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Why You Should Write More Than One Genre

Why You Should Write More Than One Genre

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Published by K.M. Weiland
Every once in a while, dare to step outside the bounds of normalcy and see what unexpected adventures you can find off the beaten path.
Every once in a while, dare to step outside the bounds of normalcy and see what unexpected adventures you can find off the beaten path.

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Published by: K.M. Weiland on Dec 07, 2009
Copyright:Attribution Non-commercial


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Think of a well-known author.Who’d you pick? Maybe you chose Stephen King, Janet Evanovich, JohnGrisham, or Nora Roberts?Whoever you chose, I’m willing to bet that when the name popped to mind sodid a very definite sense of genre. Each of the authors I mentioned is tiedinextricably to the genres in which he has been so successful. Genre is a hugeselling point. Marketers use genres as convenient niches to classify books, steerreaders toward their preferences, and keep their attention. As a result, mostsuccessful authors are successful in large part because their names havebecome equivalent with the genres they write.But you should also note that despite their huge success in their trademarkgenres, none of these authors have allowed themselves to be pigeonholed.They’ve all gone on to write successful novels in vastly different genres (albeitsometimes under pseudonyms), not only proving that art need not be fetteredby the sometimes stifling confines of the market’s dictates, but also that thebetter the artist, the more varied his work.I’m admittedly a bit of a Mexican jumping bean when it comes to genres. Life’stoo short to explore the same ground over and over or to shackle myself to justone type of story. I’ve written two historical novels in vastly different timeperiods, my next book is a fantasy, I’m currently working on a literary piece,and I have stories romping around in my brain that span the gamut fromsuspense to steam punk. I love to experiment; I love to push my limits and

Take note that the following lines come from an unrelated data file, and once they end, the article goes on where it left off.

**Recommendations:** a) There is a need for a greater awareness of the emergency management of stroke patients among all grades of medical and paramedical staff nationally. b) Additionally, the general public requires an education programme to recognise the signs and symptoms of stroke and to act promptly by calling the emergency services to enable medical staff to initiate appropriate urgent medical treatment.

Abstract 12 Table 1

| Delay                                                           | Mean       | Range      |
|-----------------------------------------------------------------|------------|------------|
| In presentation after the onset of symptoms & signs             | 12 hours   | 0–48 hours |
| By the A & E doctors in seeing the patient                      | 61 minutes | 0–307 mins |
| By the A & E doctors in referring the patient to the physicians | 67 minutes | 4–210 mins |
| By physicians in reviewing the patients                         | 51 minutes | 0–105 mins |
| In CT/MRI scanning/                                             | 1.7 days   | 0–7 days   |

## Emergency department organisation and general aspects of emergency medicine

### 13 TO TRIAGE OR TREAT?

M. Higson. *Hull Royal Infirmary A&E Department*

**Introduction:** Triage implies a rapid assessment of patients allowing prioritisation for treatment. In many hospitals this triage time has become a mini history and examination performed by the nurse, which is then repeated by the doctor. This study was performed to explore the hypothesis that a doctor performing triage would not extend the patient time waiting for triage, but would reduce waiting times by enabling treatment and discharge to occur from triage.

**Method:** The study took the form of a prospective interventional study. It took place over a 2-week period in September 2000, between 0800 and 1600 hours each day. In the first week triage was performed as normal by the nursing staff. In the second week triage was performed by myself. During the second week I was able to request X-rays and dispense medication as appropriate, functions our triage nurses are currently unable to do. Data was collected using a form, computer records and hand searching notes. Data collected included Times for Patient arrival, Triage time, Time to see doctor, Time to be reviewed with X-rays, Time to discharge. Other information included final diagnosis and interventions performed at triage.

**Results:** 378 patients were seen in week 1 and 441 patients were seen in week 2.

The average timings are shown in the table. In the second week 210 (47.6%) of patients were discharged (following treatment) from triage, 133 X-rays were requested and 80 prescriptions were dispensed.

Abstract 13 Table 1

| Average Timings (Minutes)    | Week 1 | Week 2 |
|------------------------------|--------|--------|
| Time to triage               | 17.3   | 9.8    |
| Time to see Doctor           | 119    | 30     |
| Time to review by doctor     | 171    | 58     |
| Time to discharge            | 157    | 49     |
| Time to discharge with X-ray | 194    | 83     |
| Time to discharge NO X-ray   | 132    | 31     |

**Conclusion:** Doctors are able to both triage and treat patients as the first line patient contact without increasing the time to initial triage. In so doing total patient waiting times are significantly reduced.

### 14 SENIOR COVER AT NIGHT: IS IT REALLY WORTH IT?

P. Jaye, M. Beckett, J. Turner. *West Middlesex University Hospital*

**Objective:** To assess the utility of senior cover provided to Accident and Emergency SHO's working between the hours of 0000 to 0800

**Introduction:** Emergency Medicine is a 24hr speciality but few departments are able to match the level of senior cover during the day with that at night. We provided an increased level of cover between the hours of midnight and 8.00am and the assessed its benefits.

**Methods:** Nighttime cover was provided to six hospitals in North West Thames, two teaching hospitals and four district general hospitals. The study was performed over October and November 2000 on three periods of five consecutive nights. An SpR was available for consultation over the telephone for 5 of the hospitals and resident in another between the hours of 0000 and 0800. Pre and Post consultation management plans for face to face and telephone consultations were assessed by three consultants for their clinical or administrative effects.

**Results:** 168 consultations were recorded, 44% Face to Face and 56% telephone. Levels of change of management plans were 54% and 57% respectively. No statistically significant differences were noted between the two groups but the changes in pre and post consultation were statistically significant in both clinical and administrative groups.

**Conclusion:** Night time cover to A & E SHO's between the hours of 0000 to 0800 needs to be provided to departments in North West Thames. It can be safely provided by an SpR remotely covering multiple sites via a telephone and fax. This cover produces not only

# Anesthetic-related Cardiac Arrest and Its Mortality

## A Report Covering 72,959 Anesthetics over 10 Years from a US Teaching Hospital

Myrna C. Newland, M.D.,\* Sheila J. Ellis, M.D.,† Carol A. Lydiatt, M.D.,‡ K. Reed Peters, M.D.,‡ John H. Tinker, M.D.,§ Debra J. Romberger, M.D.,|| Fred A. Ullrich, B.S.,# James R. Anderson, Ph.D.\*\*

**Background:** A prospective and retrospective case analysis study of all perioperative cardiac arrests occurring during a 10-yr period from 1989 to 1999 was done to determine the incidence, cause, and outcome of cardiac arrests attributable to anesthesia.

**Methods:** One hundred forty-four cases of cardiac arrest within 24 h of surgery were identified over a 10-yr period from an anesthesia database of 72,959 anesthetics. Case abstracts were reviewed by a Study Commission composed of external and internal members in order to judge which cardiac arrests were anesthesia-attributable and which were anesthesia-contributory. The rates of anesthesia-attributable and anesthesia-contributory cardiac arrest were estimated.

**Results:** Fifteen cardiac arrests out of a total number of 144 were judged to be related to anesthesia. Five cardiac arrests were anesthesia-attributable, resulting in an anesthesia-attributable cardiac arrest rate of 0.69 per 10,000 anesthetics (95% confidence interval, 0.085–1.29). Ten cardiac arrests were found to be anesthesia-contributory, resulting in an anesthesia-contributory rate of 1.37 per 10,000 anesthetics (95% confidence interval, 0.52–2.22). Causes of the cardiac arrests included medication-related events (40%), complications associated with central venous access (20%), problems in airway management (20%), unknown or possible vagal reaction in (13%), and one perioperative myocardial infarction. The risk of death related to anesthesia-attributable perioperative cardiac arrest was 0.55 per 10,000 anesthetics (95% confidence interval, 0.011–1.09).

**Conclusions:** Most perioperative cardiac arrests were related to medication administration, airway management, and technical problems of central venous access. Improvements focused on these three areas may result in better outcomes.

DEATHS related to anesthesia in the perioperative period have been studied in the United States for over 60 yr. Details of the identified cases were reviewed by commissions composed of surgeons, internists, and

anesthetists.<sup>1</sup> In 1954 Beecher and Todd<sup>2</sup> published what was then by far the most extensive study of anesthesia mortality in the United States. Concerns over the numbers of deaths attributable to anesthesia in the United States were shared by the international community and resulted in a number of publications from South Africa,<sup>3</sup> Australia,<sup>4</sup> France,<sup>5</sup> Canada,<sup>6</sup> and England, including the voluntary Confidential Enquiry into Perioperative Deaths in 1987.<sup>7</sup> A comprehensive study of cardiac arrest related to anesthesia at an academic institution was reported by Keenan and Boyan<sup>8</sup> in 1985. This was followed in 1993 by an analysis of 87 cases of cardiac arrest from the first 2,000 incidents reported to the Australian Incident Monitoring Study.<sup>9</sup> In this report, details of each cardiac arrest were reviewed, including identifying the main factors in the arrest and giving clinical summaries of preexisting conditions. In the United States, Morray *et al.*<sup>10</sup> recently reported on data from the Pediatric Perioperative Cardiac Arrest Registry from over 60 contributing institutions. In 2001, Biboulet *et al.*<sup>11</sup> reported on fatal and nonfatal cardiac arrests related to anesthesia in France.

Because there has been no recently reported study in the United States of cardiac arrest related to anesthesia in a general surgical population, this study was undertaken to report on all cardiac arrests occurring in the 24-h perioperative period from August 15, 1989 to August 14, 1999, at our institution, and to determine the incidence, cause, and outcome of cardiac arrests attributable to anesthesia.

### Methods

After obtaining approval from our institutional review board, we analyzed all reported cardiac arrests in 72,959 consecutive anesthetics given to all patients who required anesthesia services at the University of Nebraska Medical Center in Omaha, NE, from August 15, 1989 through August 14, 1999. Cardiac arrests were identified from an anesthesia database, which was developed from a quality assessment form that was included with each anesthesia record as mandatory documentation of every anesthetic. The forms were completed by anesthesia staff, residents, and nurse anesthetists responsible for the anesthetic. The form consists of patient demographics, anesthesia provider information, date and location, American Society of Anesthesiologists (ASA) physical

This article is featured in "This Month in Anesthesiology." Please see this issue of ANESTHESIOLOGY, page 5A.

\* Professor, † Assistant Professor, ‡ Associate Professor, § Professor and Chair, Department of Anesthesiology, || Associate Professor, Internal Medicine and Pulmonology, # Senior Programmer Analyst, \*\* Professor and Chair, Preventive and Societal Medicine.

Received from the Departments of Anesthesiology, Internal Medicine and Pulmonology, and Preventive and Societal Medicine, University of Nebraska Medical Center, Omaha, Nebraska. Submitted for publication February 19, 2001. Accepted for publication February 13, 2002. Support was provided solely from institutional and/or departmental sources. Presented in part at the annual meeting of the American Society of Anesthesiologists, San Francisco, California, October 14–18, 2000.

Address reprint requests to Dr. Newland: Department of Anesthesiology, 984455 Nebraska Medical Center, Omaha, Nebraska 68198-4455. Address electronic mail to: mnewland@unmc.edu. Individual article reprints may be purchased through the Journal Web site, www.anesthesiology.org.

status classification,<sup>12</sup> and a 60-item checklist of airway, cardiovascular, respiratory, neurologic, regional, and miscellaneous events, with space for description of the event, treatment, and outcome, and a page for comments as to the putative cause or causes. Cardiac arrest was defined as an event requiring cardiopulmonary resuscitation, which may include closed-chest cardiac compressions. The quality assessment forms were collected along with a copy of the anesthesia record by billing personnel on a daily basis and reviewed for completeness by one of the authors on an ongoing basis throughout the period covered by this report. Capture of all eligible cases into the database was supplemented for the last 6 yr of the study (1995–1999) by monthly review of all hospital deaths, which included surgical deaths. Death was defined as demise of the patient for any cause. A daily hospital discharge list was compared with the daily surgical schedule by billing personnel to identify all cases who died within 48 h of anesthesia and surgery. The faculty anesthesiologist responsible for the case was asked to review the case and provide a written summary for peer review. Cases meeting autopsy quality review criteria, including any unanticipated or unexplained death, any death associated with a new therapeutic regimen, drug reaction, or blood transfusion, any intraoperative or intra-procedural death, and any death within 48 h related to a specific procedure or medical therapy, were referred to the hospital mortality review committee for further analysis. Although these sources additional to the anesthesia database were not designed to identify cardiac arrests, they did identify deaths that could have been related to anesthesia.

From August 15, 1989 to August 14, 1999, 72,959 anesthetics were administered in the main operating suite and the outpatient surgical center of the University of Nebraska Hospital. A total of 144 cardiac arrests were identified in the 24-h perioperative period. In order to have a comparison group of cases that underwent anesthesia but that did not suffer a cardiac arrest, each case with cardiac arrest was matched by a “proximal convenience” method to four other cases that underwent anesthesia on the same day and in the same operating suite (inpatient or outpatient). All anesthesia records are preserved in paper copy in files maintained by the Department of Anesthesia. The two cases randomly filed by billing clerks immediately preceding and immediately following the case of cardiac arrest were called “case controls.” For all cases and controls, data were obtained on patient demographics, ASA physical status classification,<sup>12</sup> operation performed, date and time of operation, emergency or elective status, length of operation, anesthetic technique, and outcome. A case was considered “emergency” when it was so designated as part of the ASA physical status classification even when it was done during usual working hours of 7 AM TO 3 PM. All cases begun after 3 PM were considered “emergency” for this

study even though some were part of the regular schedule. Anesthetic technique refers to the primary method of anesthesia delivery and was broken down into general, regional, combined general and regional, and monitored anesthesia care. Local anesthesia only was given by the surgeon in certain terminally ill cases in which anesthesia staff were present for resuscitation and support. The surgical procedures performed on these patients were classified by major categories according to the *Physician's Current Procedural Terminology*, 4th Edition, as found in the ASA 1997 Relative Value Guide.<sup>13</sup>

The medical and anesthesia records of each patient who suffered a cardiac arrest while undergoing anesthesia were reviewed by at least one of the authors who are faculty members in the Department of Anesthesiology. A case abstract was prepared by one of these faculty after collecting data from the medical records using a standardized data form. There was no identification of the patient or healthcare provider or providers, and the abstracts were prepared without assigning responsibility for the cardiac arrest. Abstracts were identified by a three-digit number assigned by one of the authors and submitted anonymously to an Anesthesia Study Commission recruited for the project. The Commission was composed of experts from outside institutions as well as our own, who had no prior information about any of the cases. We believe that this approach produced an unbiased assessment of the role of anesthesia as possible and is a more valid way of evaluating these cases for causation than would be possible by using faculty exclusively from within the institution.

4 Reasons I Quit Writing Exercises
force myself to grow. With every new genre or subgenre I attempt, my abilitiesas a writer are tested and polished. Even if I’m not successful in every genre,even if not every story finds its way into print, I’m not only enjoying the wide-open horizons of unbounded possibility, I’m also strengthening my competencein the craft.In the November/December 2009 issue of 
Writer’s Digest 
, editor JessicaStrawser points out:Our writing projects can be our favorite well-traveled destinations.We return again and again to that work-in-progress, cozy in to thegroove we’ve worn from what we already know we’re good at, whatwe already know feels comfortable and, if we’re being honest,maybe a little safe—predictable, even. And writing
be thatkind of refuge. Your manuscript, your niche or your genre becomesthat place where you can get just lost enough to satisfy thelonging…. [But] When’s the last time you explored a new direction,took a little detour?... Diversifying the writing you’re doing growsyour platform.Sometimes the thought of mastering even one genre can be daunting enough.But our journey as writers should be about growing, learning, andstrengthening ourselves. Stagnation isn’t fun or profitable, and it isn’t likely toproduce high-quality work. Every once in a while, dare to step outside thebounds of normalcy and see what unexpected adventures you can find off thebeaten path. If you do, who knows—we may be seeing your name alongside thelikes of King, Evanovich, Grisham, and Roberts!

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